SBHD: Why does the UK have so many listed properties and how are they selected? Sutherland Lyall explores the avenues leading to Grade 1 and 2 buildings and questions the reasons for selection by English Heritage and the motivation of its enforcers
I WAS going to tell you all about those post-war buildings which English Heritage might list. I won’t, because I fell asleep halfway through reading the names. There are some smart cookies working at the EH master, the Department of the Environment, so maybe there’s a second agenda here – DoE people are smart enough to view the EH listing process as a way of keeping a large number of people aboard a gravy-train. They’re also smart enough to bring it to a halt.
We have more listed buildings than any other country in the world, including Italy. That’s an odd statistic since most of the grand buildings on our lists are amateurish copies of Italian models. Yet, even as you read this, there are listing policemen out in the field busily adding to this over-inflated catalogue of architectural second-handness.
The story runs that senior DoE people, deeply disenchanted with the Gestapo-like listing antics of EH, have approved this ridiculous list. They have done this in the full expectation that everybody will say “What a load of rubbish” and demand the whole listing process be reworked in the form of a small list of really significant buildings taken from the existing Grade 1 and upper echelon Grade 2 buildings.
This list would be set in stone for a couple of decades and the whole list- ing machinery abandoned. National Heritage Secretary Stephen Dorrell’s announcement that owners would in future be consulted before a building could be listed comes a bit late since listing policemen have been scraping the barrel for at least a decade. This would have avoided the unseemly spectacle of chaps having to bring in bulldozers after dusk before the dozy Heritage policeman could get a spot-listing application on their desk the following morning.
I don’t call them Heritage policemen without good reason. I heard the other night that the interior of the Bride of Denmark – currently in boxes – might well be re-established in a basement in the RIBA Architecture Centre. An unpleasant looking person in specs near me immediately began foaming at the mouth. I gathered from his remarks that he was a Heritage policeman who wasn’t going to allow this reconstruction.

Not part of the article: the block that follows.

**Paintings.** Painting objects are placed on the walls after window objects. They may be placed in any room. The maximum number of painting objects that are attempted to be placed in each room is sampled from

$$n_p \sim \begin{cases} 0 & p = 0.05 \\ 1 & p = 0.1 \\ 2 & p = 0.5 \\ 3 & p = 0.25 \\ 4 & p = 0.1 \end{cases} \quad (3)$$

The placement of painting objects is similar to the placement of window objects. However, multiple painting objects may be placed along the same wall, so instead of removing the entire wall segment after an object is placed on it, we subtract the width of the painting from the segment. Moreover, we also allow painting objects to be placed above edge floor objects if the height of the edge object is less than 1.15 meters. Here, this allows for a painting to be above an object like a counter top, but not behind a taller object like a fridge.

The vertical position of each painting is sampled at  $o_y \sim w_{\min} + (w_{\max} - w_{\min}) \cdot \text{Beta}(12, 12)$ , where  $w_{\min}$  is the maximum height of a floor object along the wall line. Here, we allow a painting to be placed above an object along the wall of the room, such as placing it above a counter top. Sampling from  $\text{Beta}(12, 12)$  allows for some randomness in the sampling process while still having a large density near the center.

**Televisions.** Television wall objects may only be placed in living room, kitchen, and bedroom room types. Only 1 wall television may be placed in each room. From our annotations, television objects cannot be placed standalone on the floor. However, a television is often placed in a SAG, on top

The Bride of Denmark? It was the Architects’ Journal basement pub assembled in the late 1940s by a semi-crazy editorial boss using fragments from redundant hostelries. It may have been a nice place to get legless in, but it was a complete sham, a crudely constructed set, the joins of which you didn’t notice through the haze of booze and carefully attenuated lighting. If it had been done by, say, a wretched lower-class, tenant publican, English Heritage wouldn’t have bothered.
Now I see Brunel the Elder’s 1843 Wapping to Rotherhithe tunnel under the Thames has got the Heritage policemen bouncing anxiously on their pogo sticks. Apparently, London Underground wants to smear concrete all over the brickwork to prevent water getting in. Though nobody gets to see this famous brickwork, it must, according to the heritage folk, be preserved at all costs.
SBHD: Peddling old England
On a similarly irritating note, regarding the standard indignant letter from Gavin Stamp of the Twentieth Century Society (DW 3 March), I liked the little list of post-war buildings he trotted out as “proof” of the catholicity of the society’s views.
Now, I really want to believe the society isn’t peddling the same old England-as-theme-park line. And I genuinely believe they all had a Road to Damascus experience. However, when the Thirties Society became the Twentieth Century Society, all its members’ names stayed the same. Along with their prejudices.
What Stamp didn’t discuss was whether his cronies have been signed up as assessors for the Millennium Fund.
Finally, I’m not at all sorry to see cartoonist Louis Hellman has migrated to this page. The great humanist Colin Ward once described him in these terms: “Inside every satirist is a bruised idealist outraged at the ease with which we abandon principles and cover our tracks with rhetoric – which we begin to believe ourselves.”